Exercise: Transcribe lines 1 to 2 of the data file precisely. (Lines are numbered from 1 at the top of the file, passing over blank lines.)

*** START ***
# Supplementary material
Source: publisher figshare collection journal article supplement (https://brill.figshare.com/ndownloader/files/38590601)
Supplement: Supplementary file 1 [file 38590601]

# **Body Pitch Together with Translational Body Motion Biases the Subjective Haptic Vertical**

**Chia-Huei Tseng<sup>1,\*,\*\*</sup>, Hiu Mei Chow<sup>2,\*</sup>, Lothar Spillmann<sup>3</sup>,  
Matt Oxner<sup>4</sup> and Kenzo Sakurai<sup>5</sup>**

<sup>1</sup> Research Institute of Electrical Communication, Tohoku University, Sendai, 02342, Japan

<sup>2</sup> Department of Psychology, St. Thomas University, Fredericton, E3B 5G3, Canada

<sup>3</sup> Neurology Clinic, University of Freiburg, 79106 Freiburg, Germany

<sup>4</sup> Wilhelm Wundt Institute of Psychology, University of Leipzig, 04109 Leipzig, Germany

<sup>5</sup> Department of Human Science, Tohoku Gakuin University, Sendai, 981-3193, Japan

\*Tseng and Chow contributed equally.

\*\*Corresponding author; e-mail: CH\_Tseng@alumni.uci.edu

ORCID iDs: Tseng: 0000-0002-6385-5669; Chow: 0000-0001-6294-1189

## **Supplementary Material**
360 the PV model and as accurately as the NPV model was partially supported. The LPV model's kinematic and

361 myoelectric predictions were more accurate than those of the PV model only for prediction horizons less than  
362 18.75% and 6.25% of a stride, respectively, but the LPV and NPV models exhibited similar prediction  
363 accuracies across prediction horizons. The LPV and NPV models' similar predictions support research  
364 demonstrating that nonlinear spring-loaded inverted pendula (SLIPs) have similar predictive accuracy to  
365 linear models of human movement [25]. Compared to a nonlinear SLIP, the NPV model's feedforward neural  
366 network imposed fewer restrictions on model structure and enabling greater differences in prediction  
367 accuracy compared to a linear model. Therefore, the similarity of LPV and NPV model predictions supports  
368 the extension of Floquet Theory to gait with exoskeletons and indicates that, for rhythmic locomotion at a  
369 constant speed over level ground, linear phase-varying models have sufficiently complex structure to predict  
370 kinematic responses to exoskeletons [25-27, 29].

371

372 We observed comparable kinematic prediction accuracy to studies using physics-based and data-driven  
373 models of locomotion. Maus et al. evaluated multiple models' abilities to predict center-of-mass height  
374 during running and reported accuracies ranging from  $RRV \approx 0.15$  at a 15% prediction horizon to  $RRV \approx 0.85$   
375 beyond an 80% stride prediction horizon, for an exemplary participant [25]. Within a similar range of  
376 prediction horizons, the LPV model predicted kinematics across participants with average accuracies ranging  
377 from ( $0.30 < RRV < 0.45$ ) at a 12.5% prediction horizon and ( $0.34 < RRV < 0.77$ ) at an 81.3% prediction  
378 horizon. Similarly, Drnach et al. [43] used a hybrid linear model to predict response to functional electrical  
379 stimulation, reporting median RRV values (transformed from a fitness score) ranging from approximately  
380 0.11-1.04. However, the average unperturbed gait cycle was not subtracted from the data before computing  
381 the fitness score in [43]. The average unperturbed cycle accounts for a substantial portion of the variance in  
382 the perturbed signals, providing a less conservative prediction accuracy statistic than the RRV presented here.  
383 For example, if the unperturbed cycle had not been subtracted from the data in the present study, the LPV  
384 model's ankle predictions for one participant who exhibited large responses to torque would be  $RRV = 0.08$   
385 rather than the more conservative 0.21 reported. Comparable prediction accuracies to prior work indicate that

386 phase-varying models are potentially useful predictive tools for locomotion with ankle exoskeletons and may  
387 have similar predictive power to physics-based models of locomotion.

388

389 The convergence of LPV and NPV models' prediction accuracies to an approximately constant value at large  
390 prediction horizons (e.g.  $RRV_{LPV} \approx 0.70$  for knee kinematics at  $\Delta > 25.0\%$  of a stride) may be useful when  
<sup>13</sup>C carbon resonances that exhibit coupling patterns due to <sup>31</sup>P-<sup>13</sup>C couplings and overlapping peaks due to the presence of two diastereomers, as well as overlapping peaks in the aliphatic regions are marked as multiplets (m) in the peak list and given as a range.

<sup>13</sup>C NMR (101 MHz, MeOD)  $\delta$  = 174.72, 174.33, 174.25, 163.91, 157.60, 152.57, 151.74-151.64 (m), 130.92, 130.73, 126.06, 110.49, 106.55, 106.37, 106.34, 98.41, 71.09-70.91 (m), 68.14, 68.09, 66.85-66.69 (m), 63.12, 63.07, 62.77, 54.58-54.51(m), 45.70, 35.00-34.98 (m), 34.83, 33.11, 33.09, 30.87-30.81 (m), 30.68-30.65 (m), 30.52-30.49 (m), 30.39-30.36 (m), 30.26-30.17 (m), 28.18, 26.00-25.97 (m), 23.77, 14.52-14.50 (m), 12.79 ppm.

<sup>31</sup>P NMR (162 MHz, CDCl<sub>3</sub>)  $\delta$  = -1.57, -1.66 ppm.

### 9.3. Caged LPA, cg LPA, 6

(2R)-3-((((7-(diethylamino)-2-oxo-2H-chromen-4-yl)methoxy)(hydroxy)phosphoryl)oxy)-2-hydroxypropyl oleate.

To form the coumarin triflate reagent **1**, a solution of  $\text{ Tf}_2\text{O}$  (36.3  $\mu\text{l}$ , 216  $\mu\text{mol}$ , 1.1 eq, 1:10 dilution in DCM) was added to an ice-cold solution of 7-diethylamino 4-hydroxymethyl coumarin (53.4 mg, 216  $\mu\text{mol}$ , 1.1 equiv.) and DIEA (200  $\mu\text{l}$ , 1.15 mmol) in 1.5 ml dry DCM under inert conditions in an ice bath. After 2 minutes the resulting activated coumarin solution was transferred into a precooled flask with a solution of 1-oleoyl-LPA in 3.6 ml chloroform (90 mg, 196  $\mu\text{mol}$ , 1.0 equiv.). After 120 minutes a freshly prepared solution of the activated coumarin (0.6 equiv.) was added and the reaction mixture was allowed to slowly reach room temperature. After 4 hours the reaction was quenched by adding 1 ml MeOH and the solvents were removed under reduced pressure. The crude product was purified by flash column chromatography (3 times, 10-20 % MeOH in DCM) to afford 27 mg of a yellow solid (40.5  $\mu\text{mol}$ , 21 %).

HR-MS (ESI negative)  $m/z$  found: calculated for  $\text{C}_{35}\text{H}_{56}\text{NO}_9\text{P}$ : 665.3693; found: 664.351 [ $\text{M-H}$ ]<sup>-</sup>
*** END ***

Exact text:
# Supplementary material
Source: publisher figshare collection journal article supplement (https://brill.figshare.com/ndownloader/files/38590601)